Nivedit Majumdar Nivedit Majumdar

Heart Rate Tracking in 2018: Wearables, Neural Networks & mHealth

Surely, there’s an upper limit to the information that can be gleaned from one parameter?

Heart rate data, for all this time, has proven to be beneficial in providing data regarding a person’s blood flow and heart conditions. But then, there’s the work Cardiogram is doing. Through intensive heart rate tracking, which takes into account a neural network built around the heart rate data of millions of Apple Watch users, Cardiogram hopes to be able to diagnose and predict a host of conditions, just from heart rate data.

And that shall be the crux of my article here: the work Cardiogram is doing to detect condition – mainly atrial fibrillation and hypertension – from heart rate.


I’ve already covered how heart rate is tracked using specialised sensors, and there’s a detailed post on the Cardiogram blog talking about how it is actually disadvantageous. But in a nutshell, the Apple Watch uses green LEDs paired with photodiodes, and measures heart rate data using photoplethysmography (PPG).

Image Source: Apple.

According to Cardiogram, however, PPG measures only pulse waves and ignores P waves or the intervals between heart contractions (PR, QS and QT), owing to which there’s a reduction in efficiency in measurement.

Image Source: Cardiogram

Enter, neural networks.

Cardiogram has built a neural network system that taps into the data of Apple Watch users worldwide, and is also conducting research programs that uses the data gleaned from the trained neural networks, to detect specialised heart and body conditions.


Cardiogram states that while atrial fibrillation can affect a lot of people, seldom is it detected in time, owing to symptoms vanishing before the person actually goes to a cardiologist.

The solution for this? Integrating a deep learning mechanism onto devices – such as the Apple Watch – which are actually worn by regular people, and not just people already suffering from heart ailments. And this is exactly what Cardiogram’s DeepHeart architecture is all about.

Heart rate patterns of a person suffering from Atrial Fibrillation (left), and normal rhythm (right). Image Source: Cardiogram.

DeepHeart results a probability number between 0 and 1, indicating the risk for a disease. In the case of atrial fibrillation, any score above 0.9 indicates a confirmed risk factor for fibrillation, while a score under 0.9 indicates a negative test result. Cardiogram has published their detailed studies on their blog, and it’s really quite insightful as far as data crunching in terms of medical applications is concerned.

So, could a regular Apple Watch help in successfully diagnosing and predicting an onset of atrial fibrillation? Cardiogram certainly thinks so, and with a 97% c-statistic, their research is quite ahead of conventional ECG trackers.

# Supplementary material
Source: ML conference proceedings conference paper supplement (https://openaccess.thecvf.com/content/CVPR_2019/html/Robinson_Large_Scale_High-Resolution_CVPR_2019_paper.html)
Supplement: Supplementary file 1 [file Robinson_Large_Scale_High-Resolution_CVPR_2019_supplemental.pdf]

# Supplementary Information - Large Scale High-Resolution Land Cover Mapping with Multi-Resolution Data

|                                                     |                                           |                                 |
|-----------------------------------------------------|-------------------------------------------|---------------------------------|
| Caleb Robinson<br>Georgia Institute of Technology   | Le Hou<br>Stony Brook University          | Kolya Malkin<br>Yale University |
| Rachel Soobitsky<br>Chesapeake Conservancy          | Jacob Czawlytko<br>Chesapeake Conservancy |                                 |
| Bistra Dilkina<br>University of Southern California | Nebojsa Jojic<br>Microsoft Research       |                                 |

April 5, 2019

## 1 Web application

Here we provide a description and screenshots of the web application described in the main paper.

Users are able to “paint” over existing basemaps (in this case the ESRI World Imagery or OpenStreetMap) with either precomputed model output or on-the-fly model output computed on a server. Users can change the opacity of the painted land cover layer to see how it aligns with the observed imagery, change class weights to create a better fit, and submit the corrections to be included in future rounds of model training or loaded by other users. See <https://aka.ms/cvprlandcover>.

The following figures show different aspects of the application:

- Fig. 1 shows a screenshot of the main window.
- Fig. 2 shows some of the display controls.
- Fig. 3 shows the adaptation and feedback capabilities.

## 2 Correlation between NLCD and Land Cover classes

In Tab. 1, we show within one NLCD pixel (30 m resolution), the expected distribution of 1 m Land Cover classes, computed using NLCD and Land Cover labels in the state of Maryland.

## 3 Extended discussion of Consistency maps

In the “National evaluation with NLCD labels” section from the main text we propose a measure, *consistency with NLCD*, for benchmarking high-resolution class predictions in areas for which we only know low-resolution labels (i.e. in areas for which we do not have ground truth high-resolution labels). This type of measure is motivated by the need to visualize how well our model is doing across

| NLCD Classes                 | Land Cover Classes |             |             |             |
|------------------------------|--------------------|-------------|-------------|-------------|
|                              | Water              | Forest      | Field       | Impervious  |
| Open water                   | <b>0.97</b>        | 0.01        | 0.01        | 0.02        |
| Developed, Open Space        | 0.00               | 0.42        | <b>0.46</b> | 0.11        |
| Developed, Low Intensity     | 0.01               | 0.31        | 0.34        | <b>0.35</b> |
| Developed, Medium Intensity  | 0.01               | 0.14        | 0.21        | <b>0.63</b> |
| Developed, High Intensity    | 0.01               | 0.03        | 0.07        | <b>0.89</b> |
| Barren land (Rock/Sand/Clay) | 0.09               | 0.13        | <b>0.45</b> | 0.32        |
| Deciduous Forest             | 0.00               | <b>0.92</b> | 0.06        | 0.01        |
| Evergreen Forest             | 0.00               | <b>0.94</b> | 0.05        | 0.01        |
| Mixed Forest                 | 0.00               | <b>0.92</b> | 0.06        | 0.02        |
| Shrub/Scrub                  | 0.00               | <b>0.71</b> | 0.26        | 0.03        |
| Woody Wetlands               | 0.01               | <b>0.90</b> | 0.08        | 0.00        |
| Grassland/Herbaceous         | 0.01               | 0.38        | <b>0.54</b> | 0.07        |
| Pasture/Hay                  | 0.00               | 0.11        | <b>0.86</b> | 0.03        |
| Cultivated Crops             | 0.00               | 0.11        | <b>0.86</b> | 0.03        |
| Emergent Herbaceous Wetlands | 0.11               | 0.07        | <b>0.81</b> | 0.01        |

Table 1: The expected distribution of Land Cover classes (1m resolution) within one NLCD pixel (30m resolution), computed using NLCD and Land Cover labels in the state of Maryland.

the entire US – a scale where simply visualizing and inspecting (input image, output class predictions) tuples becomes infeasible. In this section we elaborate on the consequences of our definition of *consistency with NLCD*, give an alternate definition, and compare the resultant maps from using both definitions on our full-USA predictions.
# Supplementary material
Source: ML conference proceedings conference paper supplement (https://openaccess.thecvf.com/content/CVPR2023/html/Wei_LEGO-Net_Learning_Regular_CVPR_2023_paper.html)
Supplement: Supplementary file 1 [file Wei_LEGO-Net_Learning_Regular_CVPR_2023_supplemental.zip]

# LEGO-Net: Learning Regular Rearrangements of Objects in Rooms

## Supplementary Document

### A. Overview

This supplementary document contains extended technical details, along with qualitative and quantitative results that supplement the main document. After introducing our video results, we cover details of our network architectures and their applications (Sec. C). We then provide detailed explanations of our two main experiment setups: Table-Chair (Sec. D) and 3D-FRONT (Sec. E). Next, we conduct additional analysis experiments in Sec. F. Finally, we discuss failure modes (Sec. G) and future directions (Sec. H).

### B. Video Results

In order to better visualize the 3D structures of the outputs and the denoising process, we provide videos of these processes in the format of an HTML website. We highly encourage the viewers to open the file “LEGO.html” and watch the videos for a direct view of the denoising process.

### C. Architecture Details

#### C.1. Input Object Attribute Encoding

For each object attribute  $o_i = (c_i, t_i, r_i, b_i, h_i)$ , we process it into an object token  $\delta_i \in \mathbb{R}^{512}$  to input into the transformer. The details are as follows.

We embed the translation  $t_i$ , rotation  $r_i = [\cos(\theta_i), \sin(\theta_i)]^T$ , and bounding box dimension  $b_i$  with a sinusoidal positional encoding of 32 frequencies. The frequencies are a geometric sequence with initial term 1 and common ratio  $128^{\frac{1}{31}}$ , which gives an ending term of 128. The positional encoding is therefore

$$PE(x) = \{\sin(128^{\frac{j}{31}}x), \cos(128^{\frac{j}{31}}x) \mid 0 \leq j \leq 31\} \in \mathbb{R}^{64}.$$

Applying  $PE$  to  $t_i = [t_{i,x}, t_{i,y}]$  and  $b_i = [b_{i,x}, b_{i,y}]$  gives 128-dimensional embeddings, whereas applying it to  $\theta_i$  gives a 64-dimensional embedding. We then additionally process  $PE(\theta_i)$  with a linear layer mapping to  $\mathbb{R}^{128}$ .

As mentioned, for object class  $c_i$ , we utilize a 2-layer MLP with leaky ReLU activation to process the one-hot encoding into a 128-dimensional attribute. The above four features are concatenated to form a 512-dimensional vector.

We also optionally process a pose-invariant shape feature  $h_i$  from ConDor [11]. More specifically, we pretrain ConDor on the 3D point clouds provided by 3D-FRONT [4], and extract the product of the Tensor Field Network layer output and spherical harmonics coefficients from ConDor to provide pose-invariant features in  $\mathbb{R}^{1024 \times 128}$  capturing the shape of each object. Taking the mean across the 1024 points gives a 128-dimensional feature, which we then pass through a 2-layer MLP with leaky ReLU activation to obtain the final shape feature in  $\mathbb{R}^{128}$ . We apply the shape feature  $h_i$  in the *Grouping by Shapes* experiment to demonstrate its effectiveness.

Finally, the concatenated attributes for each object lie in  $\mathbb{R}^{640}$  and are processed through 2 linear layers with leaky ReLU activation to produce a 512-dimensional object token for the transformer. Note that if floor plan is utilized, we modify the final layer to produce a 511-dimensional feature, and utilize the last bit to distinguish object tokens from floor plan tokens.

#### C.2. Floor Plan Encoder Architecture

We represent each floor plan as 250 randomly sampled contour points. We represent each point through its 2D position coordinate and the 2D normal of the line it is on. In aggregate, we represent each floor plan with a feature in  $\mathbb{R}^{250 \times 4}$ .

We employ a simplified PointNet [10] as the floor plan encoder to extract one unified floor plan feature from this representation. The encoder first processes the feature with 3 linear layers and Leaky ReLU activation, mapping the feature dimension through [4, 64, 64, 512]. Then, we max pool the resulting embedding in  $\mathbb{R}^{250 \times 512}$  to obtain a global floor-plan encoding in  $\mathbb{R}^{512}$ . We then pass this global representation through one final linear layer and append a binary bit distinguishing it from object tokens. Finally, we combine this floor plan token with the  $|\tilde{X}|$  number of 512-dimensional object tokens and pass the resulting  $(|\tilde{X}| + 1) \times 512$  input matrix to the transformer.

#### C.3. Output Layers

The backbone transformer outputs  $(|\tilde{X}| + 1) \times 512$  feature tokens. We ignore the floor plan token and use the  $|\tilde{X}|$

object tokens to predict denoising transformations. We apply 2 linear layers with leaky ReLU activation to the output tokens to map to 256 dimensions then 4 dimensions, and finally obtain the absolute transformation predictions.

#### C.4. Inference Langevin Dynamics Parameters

A different research was conducted using the DeepHeart architecture, to recognise hypertension and sleep apnea from Apple Watch data. Going by Cardiogram’s blog post on the same, they’ve done so with an accuracy of 82% and 90% respectively, which is mighty impressive for data driven diagnoses.

The statistics in this regard are this: globally, 1.1 billion people suffer from hypertension, and 80% of people with diagnosable sleep apnea don’t actually realise that they are suffering from it. Within the US alone, hypertension and sleep apnea drive $46 billion and $150 billion, respectively, in direct medical spend, lost productivity, and accidents.

But, and I think I’ve never used this phrase before, the numbers are actually boring in this regard. What’s more interesting, is the correlation between heart rate data and hypertension.

Image Source: Cardiogram

Cardiogram states that the link lies in the autonomic nervous system, which links the heart to blood vessels. Two separate studies correlated heart rate variability with increased risks of hypertension and sleep apnea, and these researches, aided with modern day heart rate sensors and AI techniques such as semi-supervised sequential learning, have allowed researchers to gather patterns from data, such as time series of heart rate measurements.

The organisation has listed out their research findings and modus on their blog, so I’ll leave that here.


Million dollar question, maybe quite literally even – given that so many industries are working in this direction.

While data crunching algorithms are definitely becoming more robust, and chances of errors are reducing astronomically, I still think there’s a lot of work that needs to be done. Chances of false positives exist aplenty, as do an occasional misreading of data.

Then there’s also the availability of specialised hardware for the masses, since most people would rather shell out money for a reasonably priced, all-in-one wearable / smart watch, rather than a full blown fitness tracker.

This being said, if companies such as Cardiogram are able to incorporate their algorithms into the gamut of devices in the wearable spectrum in 2018, it would actually pave the way for people to diagnose conditions through the data gathered from their wearables, and then go to registered medical practitioners for further treatment.

Wearables and crunching algorithms can only help in diagnosing and predicting onset of diseases in a quantified mannerism. Treatment? You’ll have to go to the doctor for now.